The problem is not, as Lessig seems to believe, purely a question of the FCC's "DNA." It is the inevitable trade off of regulation v. non-regulation. Lessig, like many, generally wants a world with minimal rules except to prevent abuse of bottleneck market power. All well and good. So do I. But any government agency with the authority to regulate to prevent abuse is going to be subject to agency capture, to fail to act when needed, or act at the behest of incumbents when it should decline to act.
It is this problem which lies at the heart of the Libertarian/Free Market v. willingness to regulate dichotomy. David Friedman has probably made the point most honestly in arguing that while markets may create bad solutions, he thinks centralized problem solving in government will inevitably create worse solutions. I happen to think the evidence points the other way. Given the nature of profit maximizing firms, it is inevitable that lots of bad things are going to happen as a result of information asymmetry, collective action problems, and other factors that make reliance on unregulated markets problematic for achieving freedom of innovation, freedom of expression, or even maximizing wealth generation. So I go with a system that allows some public input and introduces some non-profit maximizing motives as being likely to produce less awful solutions.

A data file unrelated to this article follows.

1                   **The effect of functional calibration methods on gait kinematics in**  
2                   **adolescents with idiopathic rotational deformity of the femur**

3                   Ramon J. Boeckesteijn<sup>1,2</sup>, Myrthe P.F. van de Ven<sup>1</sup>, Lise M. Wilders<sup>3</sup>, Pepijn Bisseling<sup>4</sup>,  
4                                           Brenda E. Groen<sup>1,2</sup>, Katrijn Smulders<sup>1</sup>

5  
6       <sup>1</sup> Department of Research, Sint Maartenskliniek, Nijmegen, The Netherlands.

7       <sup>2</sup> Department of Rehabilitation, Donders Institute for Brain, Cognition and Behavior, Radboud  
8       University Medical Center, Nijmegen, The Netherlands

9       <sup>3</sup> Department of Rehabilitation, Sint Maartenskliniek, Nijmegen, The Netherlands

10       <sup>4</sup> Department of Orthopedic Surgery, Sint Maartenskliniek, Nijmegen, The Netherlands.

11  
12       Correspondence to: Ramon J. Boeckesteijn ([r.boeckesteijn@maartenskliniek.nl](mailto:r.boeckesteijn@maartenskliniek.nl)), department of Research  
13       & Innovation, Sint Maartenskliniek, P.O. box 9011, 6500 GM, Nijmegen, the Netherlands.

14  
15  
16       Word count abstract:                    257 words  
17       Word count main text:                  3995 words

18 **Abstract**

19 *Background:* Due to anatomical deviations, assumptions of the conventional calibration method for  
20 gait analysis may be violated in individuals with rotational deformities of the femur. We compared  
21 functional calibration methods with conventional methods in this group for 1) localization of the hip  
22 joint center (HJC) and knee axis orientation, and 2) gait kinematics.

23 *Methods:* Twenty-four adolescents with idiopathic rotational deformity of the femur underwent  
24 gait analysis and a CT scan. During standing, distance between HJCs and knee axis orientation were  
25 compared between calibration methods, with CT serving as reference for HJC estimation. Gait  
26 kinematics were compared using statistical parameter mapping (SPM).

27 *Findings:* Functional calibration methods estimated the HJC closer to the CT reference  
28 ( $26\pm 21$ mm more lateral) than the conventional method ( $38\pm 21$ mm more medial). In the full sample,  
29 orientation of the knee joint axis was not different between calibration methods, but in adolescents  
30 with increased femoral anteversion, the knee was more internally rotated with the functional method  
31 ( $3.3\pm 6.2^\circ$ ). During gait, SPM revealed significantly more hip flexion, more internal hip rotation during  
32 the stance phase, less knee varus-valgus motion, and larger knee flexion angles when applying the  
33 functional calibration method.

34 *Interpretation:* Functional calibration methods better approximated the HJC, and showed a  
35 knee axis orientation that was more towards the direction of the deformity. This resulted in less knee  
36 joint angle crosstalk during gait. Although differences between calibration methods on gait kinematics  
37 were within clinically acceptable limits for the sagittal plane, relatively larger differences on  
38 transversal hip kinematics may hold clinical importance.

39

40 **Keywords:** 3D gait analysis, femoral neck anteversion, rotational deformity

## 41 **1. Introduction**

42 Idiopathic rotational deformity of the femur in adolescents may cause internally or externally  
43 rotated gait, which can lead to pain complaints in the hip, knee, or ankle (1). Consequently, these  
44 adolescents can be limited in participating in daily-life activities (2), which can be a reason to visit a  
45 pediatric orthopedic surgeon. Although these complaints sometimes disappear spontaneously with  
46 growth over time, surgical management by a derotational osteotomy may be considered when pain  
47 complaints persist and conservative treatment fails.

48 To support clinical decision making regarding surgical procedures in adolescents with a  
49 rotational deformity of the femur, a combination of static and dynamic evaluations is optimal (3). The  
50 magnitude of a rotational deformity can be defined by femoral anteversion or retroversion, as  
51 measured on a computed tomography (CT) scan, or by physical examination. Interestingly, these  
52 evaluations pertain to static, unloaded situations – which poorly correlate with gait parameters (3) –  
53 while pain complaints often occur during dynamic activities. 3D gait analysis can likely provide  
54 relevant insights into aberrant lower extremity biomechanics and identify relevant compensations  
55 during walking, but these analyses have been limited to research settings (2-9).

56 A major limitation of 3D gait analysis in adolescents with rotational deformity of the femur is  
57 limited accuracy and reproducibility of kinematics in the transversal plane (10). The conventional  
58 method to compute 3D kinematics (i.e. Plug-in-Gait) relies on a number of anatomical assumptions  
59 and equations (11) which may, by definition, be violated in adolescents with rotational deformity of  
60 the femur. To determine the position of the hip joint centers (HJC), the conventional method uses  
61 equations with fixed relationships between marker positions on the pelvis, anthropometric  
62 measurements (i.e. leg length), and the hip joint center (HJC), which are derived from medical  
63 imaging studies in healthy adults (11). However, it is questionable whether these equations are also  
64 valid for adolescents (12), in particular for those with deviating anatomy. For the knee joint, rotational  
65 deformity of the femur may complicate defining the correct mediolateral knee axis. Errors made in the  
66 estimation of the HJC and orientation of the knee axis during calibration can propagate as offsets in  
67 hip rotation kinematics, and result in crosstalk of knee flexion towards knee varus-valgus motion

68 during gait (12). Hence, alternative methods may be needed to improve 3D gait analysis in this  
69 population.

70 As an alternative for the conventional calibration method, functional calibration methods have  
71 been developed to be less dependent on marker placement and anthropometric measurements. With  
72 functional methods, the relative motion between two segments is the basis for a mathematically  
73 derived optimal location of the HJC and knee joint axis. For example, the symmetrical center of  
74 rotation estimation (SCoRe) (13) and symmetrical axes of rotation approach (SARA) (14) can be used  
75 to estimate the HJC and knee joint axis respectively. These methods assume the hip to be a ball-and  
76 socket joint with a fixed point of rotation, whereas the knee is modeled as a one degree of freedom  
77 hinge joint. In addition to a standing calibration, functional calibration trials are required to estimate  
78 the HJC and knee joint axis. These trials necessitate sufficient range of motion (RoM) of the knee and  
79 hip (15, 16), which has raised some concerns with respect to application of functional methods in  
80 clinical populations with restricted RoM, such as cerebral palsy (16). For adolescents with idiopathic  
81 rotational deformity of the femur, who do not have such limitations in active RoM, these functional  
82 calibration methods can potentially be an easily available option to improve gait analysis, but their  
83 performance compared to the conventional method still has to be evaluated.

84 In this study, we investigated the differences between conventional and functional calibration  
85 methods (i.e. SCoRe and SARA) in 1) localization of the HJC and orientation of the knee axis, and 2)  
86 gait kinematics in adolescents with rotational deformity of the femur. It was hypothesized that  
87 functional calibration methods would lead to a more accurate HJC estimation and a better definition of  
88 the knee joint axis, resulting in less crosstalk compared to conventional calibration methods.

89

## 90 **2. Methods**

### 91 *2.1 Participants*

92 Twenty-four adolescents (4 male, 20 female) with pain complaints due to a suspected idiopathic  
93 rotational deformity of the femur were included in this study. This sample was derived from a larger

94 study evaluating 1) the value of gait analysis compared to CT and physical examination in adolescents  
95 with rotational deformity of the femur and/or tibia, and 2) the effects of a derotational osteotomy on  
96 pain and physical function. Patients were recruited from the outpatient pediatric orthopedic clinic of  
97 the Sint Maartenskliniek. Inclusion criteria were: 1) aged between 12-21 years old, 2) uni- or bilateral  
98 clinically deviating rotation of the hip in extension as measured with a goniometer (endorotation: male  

What Lessig wants is not to eliminate the FCC. He just wants an FCC that works along the lines he would like. That calls for legislation to reform te FCC, not burning down the house.